The National Assembly for Wales is currently considering legislation to put sustainable development at the heart of public sector planning in Wales. The Swansea Business School along with the professional bodies in Wales organised a conference for professional staff in the Welsh public bodies to discuss the operational implications of the Welsh Government’s initiative of the Well-Being of Future Generations Bill. Speakers included the Future Generations Commissioner, UWTSD Inspire, Welsh Audit Office, Cynnal Cymru, the City & County of Swansea and the Mid & West Wales Fire and Rescue Service.

The plenary session identified key issues for implementation and a memorandum was produced and delivered to the Commissioner as a response to the Welsh Government’s consultation on the proposed legislation. Further, an agenda has been created for the future to facilitate professional bodies’ engagement with the sustainability agenda.                                                                                                     

Will Fleming, Faculty of Business and Management
will.fleming@sm.uwtsd.ac.uk

Kitesurf BoardDuring the manufacture of the kitesurf boards for our recent attempt at the Bristol channel kitesurf crossing, a significant amount of breather fabric was used.

In the production of the carbon fibre kitesurf boards we had to put the boards into the autoclave 3 times - once to cure the carbon fibre on the top layer, once to cure the carbon fibre on the bottom layer, and once to set the glue on the bamboo veneer.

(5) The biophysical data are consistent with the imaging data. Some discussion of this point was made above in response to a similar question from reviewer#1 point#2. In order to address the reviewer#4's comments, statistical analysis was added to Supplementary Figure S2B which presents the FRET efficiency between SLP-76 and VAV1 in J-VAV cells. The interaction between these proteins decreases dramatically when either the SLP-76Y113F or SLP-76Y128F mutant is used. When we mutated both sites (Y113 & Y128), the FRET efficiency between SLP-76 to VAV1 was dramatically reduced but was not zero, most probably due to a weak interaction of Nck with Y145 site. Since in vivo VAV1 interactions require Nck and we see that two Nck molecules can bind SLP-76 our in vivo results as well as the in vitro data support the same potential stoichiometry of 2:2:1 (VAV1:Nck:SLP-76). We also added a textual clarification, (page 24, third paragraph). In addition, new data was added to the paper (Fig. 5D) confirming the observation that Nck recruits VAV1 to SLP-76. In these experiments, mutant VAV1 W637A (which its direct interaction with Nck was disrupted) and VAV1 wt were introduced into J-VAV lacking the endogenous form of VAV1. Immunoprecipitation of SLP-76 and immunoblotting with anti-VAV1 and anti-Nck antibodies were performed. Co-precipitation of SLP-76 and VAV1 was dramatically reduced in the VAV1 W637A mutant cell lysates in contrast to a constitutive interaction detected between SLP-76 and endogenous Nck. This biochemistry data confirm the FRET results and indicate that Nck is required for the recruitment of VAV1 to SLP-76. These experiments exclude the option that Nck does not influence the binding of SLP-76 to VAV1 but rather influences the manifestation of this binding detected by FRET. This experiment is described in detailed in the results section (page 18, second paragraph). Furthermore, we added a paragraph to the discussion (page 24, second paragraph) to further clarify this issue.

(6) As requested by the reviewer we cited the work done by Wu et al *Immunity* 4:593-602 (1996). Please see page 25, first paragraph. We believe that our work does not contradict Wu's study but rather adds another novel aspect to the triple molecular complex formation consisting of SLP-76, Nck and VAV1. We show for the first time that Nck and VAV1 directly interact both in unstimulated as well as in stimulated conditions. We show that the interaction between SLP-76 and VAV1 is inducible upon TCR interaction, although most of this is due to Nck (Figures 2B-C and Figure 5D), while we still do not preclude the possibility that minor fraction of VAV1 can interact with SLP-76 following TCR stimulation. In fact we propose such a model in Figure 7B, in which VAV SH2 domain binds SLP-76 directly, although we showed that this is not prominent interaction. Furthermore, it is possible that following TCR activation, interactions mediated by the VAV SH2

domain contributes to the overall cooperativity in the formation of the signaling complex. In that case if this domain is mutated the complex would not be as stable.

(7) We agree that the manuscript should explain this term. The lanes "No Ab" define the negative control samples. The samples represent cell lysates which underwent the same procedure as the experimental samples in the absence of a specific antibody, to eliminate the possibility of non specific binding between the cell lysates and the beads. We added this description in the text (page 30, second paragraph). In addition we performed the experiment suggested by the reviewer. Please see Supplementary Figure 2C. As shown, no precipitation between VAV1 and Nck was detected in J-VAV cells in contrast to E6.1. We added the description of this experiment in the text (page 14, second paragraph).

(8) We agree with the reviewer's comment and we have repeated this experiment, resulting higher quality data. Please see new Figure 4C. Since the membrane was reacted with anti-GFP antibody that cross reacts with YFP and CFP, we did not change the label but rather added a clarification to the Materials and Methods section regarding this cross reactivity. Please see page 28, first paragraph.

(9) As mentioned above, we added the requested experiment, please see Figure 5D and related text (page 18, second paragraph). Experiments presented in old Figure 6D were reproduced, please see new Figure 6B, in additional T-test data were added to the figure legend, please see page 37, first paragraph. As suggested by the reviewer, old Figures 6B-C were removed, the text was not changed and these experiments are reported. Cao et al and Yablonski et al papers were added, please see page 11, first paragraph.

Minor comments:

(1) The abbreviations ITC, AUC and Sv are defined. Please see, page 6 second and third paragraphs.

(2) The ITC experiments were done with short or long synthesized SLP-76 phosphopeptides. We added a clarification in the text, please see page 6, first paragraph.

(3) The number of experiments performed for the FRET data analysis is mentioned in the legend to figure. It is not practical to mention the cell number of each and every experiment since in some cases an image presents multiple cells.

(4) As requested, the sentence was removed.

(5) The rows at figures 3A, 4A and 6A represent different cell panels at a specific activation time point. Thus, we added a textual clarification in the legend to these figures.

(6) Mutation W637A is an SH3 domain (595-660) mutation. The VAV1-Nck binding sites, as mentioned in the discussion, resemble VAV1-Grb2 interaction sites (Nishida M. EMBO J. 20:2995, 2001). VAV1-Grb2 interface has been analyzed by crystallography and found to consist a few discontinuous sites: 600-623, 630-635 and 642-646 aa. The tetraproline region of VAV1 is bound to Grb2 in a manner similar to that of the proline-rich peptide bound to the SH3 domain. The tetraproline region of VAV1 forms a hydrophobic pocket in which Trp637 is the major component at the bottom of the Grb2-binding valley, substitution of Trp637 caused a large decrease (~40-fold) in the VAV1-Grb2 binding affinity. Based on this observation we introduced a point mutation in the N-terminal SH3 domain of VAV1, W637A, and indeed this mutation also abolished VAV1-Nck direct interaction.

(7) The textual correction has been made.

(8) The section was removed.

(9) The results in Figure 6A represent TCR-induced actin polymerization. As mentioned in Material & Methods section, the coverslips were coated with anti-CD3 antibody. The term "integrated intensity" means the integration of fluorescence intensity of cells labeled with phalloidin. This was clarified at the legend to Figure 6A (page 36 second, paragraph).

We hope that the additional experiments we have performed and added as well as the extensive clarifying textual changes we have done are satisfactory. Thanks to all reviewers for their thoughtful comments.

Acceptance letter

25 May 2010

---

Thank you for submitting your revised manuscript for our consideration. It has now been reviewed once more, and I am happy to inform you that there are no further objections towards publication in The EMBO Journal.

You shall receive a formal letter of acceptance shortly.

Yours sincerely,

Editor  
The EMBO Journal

Each time that this was done the board had to be wrapped in breather fabric to ensure that an even vacuum was applied all over the board in the curing process.  As such we used significant amounts of the breather fabric.  Once this fabric has been used it is typically thrown away.  Instead, we took this fabric and sewed some board bags together to store the finished boards in.

Mike Cullis, Faculty of Architecture, Computing and Engineering
Mike.cullis@sm.uwtsd.ac.uk

Most practitioners involved in fieldwork are of the firm belief that it is a ‘good thing’. Staff at the School of Architecture, Built and Natural Environments hold the conviction that students on the BSc and MSc Environmental Conservation learn better in the field rather than in the classroom; that fieldwork offers the best means for students to grasp the fundamental concepts associated with environmental disciplines and that it is essential to acquiring the generic and subject-specific skills that will equip them for future employment.

The overriding view, is that fieldwork is a vital component of learning offering a ‘hands on’ approach to studying environmental sciences, in essence a sustainable approach to teaching and learning.

Mike Cullis, Faculty of Architecture, Computing and Engineering
Mike.cullis@sm.uwtsd.ac.uk

Students in riverFor the last couple of centuries, the Welsh Industrial Landscape has been dominated by coal mining. Deep underground coal seams have been mined to power what was to become known as The Industrial Revolution. As this cycle of industrial activity closes, this generation has to face the aftermath of landscape dereliction and associated environmental impact.